What should I do with my sentimental items?

What should I do with my sentimental items?

For the last two years, I have been an owner of a relatively small amount of sentimental items from trips or gifts by beloved ones. These objects were carefully chosen to adorn my bookcase and walls, which I feel happy to look at and allow them to have their share of space in my life. It was not always like that. I used to keep and either store or exhibit many trinkets, mainly from trips and gifts. I was a keeper. I could not let go because I had attached a feeling or memory to them.

All these items here and there around my apartment suffocated me mentally. Until I started feeling overwhelmed by their presence; besides, they did not appeal to my sense of interior style anymore, to how I preferred my home to look. Therefore, I started decluttering. I created free space. I got rid of the visual noise.

Before moving to our new flat, I felt the need to re-evaluate the purpose of the few stuff I owned. Did these objects still bring me joy? Did they continue appealing to my sense of style? Why did I consider them sentimental? How would their absence make me feel? So, decluttering did I do once more. 

We are surrounded by things, in our homes and at work. We choose to let items enter our life and occupy physical and mental space. Admittedly, some of this stuff serves a purpose, mainly practical; they are there to satisfy a specific need in our life. We could potentially still live without them, but their presence saves us time and energy, enhances our productivity, and improves our quality of life, so we can focus on things that matter. 

On the other hand, the average household in developed countries consists of numerous knickknacks. Objects of various sizes, textures and colours decorate our bookcases, coffee tables, dining tables, window sills, desks, kitchen shelves, bedroom shelves, bathroom cupboards and walls. Memorabilia from holidays, a visit to a museum or exhibition place. An item we snatched from a favourite restaurant or bar. A gift we were offered. The product of an impulsive purchase that no longer fulfils its initial purpose, and yet we hold on to it.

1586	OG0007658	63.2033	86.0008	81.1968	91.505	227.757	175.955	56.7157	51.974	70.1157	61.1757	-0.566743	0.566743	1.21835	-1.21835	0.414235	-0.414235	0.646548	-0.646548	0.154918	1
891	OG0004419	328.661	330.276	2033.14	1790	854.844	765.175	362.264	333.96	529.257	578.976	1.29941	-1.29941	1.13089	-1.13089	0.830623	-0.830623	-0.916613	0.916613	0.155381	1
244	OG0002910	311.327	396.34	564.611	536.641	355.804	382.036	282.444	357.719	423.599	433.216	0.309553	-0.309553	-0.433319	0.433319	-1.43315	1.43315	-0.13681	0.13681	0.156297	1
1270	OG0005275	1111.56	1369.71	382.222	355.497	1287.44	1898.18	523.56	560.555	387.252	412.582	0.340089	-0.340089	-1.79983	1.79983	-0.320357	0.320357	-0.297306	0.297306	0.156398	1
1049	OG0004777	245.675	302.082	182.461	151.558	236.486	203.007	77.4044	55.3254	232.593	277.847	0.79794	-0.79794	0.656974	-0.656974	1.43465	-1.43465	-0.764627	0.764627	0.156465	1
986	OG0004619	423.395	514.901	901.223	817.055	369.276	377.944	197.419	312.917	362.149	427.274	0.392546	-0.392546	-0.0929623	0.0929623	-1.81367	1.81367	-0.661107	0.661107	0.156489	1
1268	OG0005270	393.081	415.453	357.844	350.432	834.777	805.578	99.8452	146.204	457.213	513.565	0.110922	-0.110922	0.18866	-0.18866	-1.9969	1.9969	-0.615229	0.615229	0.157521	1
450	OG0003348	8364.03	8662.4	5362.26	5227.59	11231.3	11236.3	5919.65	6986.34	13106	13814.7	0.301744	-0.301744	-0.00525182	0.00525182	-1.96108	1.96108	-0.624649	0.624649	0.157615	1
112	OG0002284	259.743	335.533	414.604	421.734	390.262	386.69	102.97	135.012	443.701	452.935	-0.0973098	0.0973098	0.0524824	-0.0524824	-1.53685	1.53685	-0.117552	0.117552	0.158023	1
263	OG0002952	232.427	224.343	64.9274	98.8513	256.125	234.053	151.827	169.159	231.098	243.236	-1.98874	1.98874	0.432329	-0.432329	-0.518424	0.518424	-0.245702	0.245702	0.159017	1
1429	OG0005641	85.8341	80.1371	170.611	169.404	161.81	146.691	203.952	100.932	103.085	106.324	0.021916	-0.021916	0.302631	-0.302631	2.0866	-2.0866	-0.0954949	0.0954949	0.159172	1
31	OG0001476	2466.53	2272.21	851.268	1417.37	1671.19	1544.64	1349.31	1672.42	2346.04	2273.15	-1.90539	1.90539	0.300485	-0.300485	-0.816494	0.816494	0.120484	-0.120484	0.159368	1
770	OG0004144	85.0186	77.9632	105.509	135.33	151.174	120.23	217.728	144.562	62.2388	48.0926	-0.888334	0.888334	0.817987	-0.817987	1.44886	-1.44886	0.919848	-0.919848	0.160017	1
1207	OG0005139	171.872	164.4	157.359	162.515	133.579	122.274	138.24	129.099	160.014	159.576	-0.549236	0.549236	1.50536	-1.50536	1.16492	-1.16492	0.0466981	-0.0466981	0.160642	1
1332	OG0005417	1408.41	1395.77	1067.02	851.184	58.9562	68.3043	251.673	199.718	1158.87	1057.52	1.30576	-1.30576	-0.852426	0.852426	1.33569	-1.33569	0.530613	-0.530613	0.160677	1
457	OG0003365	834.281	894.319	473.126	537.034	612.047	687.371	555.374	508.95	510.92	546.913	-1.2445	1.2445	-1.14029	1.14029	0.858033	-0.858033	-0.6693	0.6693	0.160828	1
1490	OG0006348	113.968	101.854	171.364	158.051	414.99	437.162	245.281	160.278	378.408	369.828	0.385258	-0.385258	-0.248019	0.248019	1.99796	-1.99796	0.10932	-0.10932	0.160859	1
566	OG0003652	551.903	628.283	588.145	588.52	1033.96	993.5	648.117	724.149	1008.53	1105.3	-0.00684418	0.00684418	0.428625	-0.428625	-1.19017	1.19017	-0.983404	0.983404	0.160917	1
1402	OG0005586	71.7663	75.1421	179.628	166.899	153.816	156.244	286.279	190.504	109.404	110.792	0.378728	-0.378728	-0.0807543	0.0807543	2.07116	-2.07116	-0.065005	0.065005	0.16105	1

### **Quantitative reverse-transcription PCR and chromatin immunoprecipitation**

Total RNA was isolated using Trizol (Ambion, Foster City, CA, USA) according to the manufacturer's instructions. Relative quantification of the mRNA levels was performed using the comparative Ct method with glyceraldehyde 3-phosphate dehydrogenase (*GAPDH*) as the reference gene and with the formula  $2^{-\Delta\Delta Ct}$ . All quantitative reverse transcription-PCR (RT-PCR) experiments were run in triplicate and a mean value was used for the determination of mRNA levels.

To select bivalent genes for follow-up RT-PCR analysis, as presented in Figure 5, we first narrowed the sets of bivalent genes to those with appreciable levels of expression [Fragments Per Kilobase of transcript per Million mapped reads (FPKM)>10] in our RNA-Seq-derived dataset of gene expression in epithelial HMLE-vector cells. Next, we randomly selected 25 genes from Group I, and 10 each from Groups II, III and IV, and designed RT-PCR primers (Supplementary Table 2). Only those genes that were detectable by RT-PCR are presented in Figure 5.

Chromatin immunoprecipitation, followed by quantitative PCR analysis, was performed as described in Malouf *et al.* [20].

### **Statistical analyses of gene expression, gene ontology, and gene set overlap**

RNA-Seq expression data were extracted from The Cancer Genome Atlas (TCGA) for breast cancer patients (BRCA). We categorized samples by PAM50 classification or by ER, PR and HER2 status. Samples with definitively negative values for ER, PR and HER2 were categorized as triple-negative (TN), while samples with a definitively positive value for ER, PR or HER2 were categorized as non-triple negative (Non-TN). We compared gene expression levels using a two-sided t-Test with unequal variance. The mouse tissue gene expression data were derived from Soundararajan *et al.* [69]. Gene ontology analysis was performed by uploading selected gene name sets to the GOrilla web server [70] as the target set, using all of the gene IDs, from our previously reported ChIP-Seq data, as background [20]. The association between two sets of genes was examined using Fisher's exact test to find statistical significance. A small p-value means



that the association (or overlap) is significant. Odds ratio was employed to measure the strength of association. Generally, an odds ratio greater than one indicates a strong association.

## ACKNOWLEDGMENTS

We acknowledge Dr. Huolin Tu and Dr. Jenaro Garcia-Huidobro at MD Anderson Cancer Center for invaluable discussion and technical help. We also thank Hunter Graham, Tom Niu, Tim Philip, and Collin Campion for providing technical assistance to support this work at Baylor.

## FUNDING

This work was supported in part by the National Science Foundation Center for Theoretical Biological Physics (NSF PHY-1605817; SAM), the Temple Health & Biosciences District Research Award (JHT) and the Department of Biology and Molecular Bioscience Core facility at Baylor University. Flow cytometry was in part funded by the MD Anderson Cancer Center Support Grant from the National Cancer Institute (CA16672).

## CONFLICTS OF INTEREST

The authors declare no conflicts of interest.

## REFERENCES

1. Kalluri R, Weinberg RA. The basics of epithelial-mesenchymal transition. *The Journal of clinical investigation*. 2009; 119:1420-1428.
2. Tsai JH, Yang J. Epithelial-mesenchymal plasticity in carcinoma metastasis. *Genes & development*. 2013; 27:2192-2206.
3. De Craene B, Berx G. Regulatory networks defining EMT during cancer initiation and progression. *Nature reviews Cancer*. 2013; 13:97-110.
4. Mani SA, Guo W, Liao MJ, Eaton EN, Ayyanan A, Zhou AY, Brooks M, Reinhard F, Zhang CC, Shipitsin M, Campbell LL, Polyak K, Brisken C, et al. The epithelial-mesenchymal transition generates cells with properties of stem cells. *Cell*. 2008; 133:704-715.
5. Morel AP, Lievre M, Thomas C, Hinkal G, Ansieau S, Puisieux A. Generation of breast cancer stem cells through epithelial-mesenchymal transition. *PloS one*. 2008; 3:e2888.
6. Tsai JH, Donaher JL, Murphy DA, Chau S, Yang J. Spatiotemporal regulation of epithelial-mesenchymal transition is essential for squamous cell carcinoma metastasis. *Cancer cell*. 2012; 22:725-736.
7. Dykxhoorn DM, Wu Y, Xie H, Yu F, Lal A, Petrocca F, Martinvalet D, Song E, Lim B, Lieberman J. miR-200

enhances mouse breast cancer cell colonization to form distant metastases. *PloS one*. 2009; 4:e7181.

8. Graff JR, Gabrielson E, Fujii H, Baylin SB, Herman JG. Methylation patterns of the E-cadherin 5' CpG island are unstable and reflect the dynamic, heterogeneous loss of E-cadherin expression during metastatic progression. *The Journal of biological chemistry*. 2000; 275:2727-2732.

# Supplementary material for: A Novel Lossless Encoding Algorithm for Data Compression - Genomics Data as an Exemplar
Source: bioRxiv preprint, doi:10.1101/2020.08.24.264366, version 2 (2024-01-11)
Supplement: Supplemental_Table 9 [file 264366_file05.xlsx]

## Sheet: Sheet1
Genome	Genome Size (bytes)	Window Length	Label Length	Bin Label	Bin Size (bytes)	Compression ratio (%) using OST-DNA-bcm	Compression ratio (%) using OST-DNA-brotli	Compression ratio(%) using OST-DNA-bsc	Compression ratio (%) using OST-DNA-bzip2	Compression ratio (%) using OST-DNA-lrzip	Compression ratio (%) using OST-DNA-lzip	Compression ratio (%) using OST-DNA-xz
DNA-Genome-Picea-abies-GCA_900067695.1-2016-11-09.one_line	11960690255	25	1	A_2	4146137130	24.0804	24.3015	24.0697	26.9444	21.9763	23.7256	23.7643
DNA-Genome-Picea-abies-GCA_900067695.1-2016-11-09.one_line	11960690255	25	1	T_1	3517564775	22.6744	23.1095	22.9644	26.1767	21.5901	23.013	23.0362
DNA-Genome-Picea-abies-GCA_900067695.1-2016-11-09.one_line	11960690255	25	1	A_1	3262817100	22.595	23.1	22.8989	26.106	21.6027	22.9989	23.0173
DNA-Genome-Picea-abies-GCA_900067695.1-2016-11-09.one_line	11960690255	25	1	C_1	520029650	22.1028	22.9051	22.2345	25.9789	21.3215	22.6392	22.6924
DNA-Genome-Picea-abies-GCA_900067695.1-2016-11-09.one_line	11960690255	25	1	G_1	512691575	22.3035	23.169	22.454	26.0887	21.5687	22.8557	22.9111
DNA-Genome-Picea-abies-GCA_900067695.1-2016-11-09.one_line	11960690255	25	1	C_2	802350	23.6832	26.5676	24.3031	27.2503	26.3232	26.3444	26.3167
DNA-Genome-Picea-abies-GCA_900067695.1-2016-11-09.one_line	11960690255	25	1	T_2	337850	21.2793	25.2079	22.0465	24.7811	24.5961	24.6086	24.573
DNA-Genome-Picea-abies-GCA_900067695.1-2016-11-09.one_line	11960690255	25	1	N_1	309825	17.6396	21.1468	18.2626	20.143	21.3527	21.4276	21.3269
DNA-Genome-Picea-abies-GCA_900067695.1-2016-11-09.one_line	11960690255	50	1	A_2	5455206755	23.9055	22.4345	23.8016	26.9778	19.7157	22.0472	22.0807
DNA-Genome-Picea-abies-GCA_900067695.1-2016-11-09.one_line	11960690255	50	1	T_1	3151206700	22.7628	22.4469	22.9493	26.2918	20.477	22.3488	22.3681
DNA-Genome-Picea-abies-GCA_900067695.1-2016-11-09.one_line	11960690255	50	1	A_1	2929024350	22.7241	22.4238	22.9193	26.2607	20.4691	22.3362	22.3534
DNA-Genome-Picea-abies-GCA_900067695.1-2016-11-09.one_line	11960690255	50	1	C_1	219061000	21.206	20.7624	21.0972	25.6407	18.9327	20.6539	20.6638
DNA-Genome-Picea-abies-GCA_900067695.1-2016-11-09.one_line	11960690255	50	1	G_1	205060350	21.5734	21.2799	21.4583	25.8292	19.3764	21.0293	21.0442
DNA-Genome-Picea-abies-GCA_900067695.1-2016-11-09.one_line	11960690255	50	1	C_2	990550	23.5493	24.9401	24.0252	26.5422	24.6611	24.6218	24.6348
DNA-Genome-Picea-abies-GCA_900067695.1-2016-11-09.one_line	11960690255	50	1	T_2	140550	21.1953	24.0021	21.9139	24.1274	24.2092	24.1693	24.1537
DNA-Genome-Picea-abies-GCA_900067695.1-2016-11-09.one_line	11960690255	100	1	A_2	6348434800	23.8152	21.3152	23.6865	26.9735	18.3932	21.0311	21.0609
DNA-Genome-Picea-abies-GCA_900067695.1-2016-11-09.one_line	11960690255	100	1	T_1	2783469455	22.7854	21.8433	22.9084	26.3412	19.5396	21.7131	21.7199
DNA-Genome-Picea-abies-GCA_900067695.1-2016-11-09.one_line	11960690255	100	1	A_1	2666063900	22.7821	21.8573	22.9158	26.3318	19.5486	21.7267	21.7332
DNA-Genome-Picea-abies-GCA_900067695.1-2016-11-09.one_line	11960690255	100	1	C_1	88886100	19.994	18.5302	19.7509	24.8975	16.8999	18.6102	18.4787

We do not let the stuff go because we count them as sentimental items. It is us that have assigned values and sentiments to these objects. We seem to forget that what matters are the memories we keep in our minds and hearts; we need no items to remind us how much we love, respect, care about or miss someone or the unforgettable time we had on a trip. We need to truly enjoy and experience the moments we spend with others or in a place by simply being present in the moment. To live the moment, as cliche as it may sound. It is true, though. Hard to achieve but real and possible. We simply need to acknowledge that letting an item go does not automatically erase the memory or feeling it represents because things do not define who we are.

People are particularly creative in finding ways to store things instead of getting rid of them once and for all. So, we have become experts in preserving, storing and creating organised chaos. We buy boxes to fit in other packages, and then we purchase cupboards and closets to stuff in our boxes, which have other boxes inside. Alas! What a waste of energy, time, creativity and money.